The Political Forum Institute is a newly launched endeavor by Stephen R. Soukup and Mark L. Melcher, two longtime Wall Street veterans and noted social commentators, in order to change the course of discussion in and around capital markets and, especially, at the intersection where markets and politics meet. Much of the effort will center on themes highlighted in Mr. Soukup’s book, The Dictatorship of Woke Capital, published in February 2021 by Encounter Books.
The timing of Steve’s book could not have been more fortuitous. The subject of the political weaponization of capital – which has been a mainstay of Soukup and Melcher’s research and commentary of the last quarter-century – is, at long last, coming into its own and is now recognized as a vital topic in American social and political discourse, especially among those who, like Soukup and Melcher, seek to preserve the virtues of the Founding and of traditional Western civilization.
To capitalize on this momentum and solidify his position as a leader in the push-back against “woke capital,” Steve is currently co-authoring a second book – along with Andy Puzder – that will address the subject from a different angle and tie it into other timely topics, including the deterioration of democratic governance and the need for “de-centralization” in government and markets. This book – Other People’s Money: How Progressives Hijacked Your Investments to Achieve Their Aims – is due out from Encounter Books m id-2023.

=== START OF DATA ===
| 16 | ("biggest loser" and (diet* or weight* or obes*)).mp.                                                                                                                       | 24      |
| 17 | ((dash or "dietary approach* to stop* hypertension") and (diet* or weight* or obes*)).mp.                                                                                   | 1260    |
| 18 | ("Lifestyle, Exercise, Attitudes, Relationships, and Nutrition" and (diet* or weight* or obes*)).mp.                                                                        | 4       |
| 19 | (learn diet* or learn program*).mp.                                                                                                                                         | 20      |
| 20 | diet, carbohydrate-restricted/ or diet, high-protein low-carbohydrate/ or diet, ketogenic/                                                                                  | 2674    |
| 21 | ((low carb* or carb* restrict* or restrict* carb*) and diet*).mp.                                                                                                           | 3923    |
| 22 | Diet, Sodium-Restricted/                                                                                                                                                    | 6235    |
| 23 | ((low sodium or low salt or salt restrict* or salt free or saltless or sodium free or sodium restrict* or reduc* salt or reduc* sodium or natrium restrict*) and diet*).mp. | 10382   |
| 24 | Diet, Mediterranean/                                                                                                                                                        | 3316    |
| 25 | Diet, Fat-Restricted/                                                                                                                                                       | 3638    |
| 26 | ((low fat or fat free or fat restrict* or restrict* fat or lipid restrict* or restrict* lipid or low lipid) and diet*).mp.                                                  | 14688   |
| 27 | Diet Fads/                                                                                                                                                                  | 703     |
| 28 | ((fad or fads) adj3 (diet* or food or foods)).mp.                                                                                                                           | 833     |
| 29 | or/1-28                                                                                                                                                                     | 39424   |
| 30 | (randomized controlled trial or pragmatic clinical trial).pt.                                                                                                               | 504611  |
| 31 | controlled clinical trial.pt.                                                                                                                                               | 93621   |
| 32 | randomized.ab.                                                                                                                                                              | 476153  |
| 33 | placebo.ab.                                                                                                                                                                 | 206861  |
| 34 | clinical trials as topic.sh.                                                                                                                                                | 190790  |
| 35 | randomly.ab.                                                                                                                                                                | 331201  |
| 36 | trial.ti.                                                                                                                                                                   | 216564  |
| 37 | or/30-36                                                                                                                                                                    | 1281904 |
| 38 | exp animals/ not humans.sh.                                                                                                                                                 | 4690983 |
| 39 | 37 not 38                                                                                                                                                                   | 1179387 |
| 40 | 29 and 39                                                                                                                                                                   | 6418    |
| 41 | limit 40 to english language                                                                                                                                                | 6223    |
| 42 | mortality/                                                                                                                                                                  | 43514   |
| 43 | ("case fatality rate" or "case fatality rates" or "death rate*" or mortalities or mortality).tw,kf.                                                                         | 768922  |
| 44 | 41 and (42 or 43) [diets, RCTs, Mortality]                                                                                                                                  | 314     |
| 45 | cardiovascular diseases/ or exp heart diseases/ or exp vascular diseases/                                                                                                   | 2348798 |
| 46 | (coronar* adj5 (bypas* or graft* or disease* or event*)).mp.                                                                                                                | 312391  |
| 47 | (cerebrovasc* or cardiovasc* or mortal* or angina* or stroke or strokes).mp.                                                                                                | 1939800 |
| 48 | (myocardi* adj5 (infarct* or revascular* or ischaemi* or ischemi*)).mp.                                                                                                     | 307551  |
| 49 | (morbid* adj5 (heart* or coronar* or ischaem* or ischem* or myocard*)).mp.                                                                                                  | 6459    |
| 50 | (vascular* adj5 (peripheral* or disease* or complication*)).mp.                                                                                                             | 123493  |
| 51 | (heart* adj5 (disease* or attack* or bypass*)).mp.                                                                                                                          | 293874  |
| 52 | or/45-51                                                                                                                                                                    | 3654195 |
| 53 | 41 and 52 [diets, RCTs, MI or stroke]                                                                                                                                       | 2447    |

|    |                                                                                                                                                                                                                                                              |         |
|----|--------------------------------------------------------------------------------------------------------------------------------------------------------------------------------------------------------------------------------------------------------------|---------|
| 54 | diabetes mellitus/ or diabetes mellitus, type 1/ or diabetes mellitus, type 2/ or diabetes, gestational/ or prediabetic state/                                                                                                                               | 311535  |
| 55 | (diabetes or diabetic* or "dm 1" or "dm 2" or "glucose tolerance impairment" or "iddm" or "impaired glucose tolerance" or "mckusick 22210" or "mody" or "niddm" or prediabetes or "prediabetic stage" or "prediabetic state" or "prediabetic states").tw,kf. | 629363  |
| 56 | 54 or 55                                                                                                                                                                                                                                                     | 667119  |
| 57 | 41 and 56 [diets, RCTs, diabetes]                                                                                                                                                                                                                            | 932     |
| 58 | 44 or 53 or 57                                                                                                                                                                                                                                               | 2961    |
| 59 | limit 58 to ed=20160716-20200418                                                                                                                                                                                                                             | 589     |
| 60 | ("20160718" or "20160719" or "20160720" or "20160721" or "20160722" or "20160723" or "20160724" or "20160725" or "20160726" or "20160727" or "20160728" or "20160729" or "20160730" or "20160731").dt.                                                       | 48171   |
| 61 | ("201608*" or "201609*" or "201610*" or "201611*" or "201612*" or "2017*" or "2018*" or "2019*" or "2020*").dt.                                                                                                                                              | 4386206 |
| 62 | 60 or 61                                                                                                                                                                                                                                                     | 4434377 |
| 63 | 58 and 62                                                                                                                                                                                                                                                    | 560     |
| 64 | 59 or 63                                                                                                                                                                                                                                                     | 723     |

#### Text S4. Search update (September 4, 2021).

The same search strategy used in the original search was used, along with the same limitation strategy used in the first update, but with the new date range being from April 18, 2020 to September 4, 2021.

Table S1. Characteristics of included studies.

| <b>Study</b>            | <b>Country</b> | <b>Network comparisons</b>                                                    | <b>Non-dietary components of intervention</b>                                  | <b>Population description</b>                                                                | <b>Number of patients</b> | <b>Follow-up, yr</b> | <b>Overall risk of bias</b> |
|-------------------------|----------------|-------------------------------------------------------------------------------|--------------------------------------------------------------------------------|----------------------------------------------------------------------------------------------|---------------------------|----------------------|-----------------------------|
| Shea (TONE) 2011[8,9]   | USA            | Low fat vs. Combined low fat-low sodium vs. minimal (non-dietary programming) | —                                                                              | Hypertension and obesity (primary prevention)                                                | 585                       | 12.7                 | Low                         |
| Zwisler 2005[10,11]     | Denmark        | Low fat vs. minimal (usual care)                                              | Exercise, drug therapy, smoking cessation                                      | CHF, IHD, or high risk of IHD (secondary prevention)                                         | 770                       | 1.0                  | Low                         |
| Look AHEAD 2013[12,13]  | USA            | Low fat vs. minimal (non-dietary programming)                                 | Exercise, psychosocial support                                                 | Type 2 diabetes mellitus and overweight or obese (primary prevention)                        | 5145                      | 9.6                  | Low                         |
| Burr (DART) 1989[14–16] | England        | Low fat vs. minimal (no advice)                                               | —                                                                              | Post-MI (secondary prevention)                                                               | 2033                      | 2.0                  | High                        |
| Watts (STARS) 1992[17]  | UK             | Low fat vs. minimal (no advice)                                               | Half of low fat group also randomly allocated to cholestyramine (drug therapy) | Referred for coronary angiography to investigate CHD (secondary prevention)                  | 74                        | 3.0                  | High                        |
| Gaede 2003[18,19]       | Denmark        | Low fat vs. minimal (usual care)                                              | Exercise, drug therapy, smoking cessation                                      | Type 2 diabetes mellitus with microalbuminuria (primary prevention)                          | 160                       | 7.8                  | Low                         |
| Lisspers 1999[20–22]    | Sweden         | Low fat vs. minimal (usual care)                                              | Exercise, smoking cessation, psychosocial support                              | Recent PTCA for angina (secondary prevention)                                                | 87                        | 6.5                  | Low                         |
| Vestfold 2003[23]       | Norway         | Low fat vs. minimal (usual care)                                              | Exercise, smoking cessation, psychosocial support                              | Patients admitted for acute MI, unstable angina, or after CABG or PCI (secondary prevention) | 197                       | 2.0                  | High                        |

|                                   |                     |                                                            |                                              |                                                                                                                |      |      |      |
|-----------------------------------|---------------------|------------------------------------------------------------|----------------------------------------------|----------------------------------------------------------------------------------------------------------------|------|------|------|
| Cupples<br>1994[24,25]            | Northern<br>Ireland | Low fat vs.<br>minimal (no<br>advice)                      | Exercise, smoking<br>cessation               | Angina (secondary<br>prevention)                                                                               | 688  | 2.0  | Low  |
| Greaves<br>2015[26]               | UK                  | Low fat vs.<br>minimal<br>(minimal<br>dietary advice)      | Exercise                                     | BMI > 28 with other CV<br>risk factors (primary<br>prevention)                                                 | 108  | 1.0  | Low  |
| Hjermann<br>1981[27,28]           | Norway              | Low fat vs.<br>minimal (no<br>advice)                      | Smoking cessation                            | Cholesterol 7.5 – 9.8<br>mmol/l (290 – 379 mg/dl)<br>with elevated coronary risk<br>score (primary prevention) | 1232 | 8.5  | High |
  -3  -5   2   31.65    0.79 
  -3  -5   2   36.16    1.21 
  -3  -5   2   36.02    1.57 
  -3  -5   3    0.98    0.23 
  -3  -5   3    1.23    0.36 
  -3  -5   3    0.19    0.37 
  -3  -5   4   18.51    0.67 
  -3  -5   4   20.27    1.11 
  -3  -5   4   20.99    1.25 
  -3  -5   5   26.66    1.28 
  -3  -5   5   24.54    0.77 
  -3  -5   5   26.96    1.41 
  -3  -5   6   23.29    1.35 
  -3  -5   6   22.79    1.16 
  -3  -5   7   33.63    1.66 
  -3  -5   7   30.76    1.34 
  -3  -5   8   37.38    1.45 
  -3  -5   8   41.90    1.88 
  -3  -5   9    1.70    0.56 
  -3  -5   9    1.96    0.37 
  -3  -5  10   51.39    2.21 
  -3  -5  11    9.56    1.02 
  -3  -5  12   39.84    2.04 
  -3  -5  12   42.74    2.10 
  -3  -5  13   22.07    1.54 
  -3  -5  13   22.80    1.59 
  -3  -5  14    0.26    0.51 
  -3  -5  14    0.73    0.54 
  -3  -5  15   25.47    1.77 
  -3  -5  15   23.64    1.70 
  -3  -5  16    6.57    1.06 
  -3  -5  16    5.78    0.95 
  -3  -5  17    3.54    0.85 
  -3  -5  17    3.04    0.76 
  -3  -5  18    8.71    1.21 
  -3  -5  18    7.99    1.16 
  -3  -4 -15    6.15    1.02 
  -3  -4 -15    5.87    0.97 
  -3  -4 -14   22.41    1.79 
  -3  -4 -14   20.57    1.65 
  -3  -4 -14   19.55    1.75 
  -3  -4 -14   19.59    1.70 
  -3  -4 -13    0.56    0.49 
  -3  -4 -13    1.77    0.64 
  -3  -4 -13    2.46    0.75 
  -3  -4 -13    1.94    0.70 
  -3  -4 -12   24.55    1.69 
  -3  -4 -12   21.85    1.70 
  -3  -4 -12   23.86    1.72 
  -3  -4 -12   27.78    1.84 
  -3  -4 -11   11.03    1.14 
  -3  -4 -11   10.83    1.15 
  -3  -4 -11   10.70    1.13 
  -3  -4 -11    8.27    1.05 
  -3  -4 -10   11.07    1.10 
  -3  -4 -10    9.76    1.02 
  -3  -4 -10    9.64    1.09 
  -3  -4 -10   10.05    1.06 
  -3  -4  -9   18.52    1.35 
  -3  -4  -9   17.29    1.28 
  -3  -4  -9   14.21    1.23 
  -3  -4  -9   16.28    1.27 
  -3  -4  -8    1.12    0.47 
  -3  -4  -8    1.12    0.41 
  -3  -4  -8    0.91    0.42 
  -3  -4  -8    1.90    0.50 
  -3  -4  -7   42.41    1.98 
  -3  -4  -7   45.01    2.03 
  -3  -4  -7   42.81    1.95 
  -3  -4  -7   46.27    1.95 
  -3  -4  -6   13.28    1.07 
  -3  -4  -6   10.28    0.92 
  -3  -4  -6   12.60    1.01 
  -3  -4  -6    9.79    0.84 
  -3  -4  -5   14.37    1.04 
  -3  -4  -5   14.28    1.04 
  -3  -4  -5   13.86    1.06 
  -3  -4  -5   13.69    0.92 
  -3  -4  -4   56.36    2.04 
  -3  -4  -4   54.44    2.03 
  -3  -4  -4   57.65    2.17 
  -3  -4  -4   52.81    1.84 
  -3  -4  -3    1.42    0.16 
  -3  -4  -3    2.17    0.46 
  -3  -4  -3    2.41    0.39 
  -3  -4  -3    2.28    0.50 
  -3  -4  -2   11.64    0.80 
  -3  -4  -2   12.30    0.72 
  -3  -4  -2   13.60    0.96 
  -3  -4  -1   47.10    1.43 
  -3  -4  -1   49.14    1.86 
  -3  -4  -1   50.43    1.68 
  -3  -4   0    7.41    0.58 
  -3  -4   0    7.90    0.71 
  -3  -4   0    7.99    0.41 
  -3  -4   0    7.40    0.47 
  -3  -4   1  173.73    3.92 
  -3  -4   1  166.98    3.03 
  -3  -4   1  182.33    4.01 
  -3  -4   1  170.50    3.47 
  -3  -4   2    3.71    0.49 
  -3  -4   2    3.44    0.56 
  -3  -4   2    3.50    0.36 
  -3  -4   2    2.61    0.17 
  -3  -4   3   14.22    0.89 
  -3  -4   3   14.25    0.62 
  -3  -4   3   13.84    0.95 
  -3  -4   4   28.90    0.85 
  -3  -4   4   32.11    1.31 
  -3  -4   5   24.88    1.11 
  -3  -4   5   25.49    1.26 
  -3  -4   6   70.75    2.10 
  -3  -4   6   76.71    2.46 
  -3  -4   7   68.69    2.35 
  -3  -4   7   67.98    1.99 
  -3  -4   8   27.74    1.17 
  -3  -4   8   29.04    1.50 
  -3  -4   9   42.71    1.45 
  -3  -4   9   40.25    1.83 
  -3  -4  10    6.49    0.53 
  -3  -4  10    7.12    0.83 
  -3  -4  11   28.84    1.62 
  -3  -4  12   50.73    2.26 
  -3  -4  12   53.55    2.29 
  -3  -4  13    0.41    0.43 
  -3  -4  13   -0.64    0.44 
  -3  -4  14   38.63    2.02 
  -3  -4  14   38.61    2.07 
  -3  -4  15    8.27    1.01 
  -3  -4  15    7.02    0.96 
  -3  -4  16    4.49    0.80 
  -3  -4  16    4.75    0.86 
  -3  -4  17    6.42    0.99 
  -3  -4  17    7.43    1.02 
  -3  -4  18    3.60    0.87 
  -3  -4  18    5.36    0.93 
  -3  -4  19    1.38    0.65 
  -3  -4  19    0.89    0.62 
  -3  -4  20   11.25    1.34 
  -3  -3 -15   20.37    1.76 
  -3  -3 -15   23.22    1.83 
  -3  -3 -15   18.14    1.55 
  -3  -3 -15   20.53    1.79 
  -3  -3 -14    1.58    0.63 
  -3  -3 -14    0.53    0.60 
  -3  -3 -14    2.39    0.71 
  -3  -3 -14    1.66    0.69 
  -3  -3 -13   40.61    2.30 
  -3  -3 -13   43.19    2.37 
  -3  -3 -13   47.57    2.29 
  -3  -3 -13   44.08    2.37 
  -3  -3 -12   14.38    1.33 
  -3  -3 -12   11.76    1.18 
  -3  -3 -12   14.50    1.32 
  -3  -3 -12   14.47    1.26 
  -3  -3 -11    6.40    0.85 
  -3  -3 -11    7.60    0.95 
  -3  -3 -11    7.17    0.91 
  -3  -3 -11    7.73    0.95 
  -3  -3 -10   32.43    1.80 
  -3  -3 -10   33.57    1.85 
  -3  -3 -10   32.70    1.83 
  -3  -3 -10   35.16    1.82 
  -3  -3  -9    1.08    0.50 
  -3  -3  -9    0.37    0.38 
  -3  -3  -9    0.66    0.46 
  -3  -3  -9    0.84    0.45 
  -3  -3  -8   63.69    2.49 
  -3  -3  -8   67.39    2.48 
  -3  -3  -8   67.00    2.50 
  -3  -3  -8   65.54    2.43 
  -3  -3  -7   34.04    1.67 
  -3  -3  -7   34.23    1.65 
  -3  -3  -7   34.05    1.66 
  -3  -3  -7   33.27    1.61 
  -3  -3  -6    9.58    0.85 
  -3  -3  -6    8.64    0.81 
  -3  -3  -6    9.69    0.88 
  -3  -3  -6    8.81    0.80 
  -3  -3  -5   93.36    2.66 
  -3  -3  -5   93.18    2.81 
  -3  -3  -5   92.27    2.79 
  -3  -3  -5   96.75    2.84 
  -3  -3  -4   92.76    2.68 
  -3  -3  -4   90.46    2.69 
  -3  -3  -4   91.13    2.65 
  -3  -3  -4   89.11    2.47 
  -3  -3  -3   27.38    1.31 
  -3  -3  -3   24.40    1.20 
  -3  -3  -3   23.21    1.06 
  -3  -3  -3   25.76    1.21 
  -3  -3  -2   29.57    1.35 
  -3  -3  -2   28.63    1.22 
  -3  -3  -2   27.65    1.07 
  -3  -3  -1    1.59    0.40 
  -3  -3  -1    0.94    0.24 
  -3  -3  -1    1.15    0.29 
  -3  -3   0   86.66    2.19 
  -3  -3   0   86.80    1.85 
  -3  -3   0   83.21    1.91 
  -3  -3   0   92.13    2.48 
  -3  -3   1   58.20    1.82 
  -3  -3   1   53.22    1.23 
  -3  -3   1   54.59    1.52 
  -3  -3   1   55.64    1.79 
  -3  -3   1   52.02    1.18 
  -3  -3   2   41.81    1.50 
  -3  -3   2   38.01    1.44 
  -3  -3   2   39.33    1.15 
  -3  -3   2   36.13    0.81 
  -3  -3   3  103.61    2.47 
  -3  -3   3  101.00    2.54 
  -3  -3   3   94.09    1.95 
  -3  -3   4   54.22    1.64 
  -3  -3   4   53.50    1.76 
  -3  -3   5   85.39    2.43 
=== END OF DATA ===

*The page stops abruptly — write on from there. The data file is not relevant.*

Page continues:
To this end – and to a host of others – Soukup and Melcher have created a non-profit arm to complement and compensate for the inadequacies of their for-profit enterprise, The Political Forum. Their new project, The Political Forum Institute (www.wokecapital.org or www.thepfi.org) seeks to build a powerful and enduring community dedicated to the values and beliefs of the American founding: free peoples, free minds, and free markets.
The Political Forum Institute is currently operating as a program of the National Center for Public Policy Research, in conjunction with the Center’s Free Enterprise Project.